August 18, 2023

The complete guide to Kubernetes cost management in 2023

Nicolas Vermandé
Nicolas Vermandé
Senior DevRel Manager

What is Kubernetes costing you?

Kubernetes has become the most popular solution for orchestrating containerized workloads. It helps organizations simplify and scale the management of their cloud-native applications and associated resources. 

But the power of Kubernetes comes at a price. Literally. Kubernetes can be costly, wherever you run it — and those costs can be difficult to predict.

If you want an accurate view of total cost of ownership (TCO) for running Kubernetes, you need to factor in:

  • Cloud spend, whether on a managed service like EKS, or generic cloud instances like EC2
  • Data center compute resources if you’re running on-premises, including servers and facilities
  • Storage and networking
  • Container compute resources
  • Software licenses, vendor support costs and managed services
  • Time spent by internal teams and stakeholders such as developers (because after all, time is money)
Cloud cost

Kubernetes already has a reputation for complexity. You’ll probably face challenges maintaining cost control as your clusters grow in number and spread across different environments.

In this article, we’ll explore various approaches for Kubernetes cost optimization. 

We’ll look at best practices you can follow for configuring K8s and scaling its resources efficiently. 

We’ll also review some of the Kubernetes cost monitoring software that has sprung up to help you.

Optimize Kubernetes for better workload utilization

Start with Kubernetes native auto-scaling features

When you ‘rightsize’ your clusters to your workloads, you are no longer paying for unused capacity through your cloud bills or data center expenses. Thankfully, Kubernetes has tooling to help you trim excess resources from almost all variable workloads.

Kubernetes Autoscaling

Kubernetes offers multiple scaling techniques, each with a distinct purpose. 

  • Vertical Pod Autoscaler (VPA). It scales resources based on application metrics, ensuring optimal allocation. 
  • Horizontal Pod Autoscaler (HPA). It adjusts workloads to maintain a desired number of replicas, optimizing performance and efficiency. 
  • Cluster Autoscaler (CA). It automatically adds or removes nodes from the cluster in response to changes in resource utilization. 

If you need to incorporate more advanced metrics and events, KEDA (the Kubernetes Event-Driven Autoscaler) is an excellent choice. It allows you to define custom scaling rules and policies based on external metrics like message queues or webhooks.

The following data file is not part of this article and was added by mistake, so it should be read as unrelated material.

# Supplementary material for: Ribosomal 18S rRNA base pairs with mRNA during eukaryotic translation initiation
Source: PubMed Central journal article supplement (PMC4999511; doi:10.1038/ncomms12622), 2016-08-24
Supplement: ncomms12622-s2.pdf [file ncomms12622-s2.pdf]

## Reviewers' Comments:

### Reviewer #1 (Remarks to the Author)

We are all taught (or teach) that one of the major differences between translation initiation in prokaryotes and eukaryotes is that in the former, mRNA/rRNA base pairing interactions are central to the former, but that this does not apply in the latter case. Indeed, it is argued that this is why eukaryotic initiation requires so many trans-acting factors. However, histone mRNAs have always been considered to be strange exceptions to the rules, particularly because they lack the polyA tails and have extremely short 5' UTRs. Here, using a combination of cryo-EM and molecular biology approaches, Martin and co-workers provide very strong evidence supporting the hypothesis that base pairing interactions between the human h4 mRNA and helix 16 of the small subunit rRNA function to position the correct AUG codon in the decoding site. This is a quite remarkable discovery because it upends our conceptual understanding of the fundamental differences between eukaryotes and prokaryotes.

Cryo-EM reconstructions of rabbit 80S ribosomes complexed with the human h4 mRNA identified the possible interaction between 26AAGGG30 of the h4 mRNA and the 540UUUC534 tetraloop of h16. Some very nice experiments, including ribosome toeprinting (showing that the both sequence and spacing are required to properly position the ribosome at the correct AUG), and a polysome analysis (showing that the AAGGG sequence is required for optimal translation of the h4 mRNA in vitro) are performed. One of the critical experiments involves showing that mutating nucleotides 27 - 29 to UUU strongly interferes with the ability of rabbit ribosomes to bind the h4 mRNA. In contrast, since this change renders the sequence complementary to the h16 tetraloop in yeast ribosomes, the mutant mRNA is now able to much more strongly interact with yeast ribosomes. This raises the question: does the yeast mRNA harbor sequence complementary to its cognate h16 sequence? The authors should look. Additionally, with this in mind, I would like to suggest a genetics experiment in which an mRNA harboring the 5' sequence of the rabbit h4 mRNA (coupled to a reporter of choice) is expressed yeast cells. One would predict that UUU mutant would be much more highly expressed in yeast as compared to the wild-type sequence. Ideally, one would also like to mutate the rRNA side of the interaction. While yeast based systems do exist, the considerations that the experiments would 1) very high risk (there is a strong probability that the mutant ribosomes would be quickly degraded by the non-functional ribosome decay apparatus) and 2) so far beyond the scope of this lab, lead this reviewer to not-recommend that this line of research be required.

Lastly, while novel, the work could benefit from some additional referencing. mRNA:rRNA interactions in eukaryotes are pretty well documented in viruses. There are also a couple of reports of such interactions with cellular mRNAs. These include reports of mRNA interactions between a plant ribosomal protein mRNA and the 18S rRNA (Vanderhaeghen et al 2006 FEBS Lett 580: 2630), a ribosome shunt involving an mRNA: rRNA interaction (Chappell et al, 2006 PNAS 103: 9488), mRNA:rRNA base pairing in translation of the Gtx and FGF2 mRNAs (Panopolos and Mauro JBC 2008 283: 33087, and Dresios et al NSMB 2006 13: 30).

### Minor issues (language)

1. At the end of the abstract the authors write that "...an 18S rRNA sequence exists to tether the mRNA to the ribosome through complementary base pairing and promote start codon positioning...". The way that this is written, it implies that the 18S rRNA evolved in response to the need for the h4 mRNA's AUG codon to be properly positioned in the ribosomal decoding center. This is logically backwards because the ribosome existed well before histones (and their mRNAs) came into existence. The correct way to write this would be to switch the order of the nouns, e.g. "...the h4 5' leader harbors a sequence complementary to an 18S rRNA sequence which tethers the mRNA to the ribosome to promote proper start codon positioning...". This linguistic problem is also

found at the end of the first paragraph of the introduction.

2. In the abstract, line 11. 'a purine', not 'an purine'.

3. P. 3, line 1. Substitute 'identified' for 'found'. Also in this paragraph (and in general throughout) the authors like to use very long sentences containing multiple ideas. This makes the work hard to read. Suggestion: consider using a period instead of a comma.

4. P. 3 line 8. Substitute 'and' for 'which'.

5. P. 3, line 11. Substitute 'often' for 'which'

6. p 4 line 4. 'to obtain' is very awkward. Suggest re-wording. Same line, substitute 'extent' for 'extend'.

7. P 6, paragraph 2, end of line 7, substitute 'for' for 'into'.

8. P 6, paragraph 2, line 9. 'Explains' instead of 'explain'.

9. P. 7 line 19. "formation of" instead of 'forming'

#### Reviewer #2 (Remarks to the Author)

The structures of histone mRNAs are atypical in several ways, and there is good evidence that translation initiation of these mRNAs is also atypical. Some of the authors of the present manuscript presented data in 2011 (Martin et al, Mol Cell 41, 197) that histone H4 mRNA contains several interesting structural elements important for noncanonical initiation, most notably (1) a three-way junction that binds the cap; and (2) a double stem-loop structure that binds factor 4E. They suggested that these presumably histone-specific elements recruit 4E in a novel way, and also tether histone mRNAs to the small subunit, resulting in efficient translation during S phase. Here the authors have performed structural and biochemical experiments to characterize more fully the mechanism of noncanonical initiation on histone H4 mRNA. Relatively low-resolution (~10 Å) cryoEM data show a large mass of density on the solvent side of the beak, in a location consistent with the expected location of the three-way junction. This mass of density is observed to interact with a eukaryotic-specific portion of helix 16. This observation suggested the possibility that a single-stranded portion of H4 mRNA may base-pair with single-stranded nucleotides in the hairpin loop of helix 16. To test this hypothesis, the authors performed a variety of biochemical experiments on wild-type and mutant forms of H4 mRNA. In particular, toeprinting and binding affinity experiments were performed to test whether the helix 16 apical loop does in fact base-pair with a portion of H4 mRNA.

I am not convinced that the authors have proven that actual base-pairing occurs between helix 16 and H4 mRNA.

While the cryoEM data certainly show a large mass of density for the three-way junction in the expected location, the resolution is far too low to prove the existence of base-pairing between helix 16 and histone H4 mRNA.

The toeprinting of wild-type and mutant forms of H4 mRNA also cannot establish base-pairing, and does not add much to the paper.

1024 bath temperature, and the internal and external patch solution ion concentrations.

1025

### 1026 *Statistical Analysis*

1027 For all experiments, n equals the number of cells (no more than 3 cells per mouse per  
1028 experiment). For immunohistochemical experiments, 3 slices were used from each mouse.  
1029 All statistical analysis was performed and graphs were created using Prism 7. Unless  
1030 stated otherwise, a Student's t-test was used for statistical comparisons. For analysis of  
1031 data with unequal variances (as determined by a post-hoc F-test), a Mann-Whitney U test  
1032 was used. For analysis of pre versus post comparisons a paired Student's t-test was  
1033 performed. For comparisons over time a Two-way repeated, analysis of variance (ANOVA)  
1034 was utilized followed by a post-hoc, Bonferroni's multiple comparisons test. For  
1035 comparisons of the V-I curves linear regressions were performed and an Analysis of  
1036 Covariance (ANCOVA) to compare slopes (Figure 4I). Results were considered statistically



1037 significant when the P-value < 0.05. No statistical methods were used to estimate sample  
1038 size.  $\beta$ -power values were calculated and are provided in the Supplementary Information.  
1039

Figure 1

However, it can be complex to adjust auto-scaling parameters when application requirements change, leading to misconfigurations and inefficiencies. And before you can accurately configure resource quotas, you need a thorough understanding of the platform's usage.

This is where software comes in. As we’ll discuss later, dedicated software can provide intelligence and automation. It can help you drive Kubernetes' native auto-scaling capabilities to adapt your resources to real-time demand. This should both streamline costs and maximize application performance.

Take advantage of spot instances for heavy cloud discounts

Scaling is key to controlling your K8s costs, but placement can be just as important. This is where spot instances can be really powerful. 

Spot instances are excess compute capacity offered by cloud providers at discounted rates. 

By placing your workloads on these instances, you can enjoy substantial savings, often up to 90%, compared to regular compute capacity.

However, using spot instances may introduce challenges when running stateful workloads. When the provider terminates the spot instance, your data will vanish into the abyss. 

In such cases, it becomes crucial to select a CSI that can efficiently replicate your data and ensure real-time availability.

Spot discounts

To make the most of these discounted resources, it's important to follow certain infrastructure patterns. 

Set resource limits and watch out for inter-region costs

The configuration of your clusters can make a big difference to your costs. What do we mean by configuration? Things like:

  • Setting appropriate resource limits on individual workloads to allow for dynamic scaling of resources in use. 
  • Optimizing underlying infrastructure, for example by selecting the right instance types, deploying workloads in cost-effective regions, and taking advantage of affordable storage options.

In a multi-cluster Kubernetes setup, where microservices communicate across different regions and availability zones (AZ), it’s particularly important to watch out for egress/ingress costs. 

Communication within the same region and AZ is usually free or at a reduced cost, but across regions, the costs can be huge, particularly if there is a high volume of cross-region communication.

Caching, compression, and region-aware routing can help you cut down on these expenses. But it’s imperative to regularly monitor and analyze your network traffic and consider how you configure things like load balancers.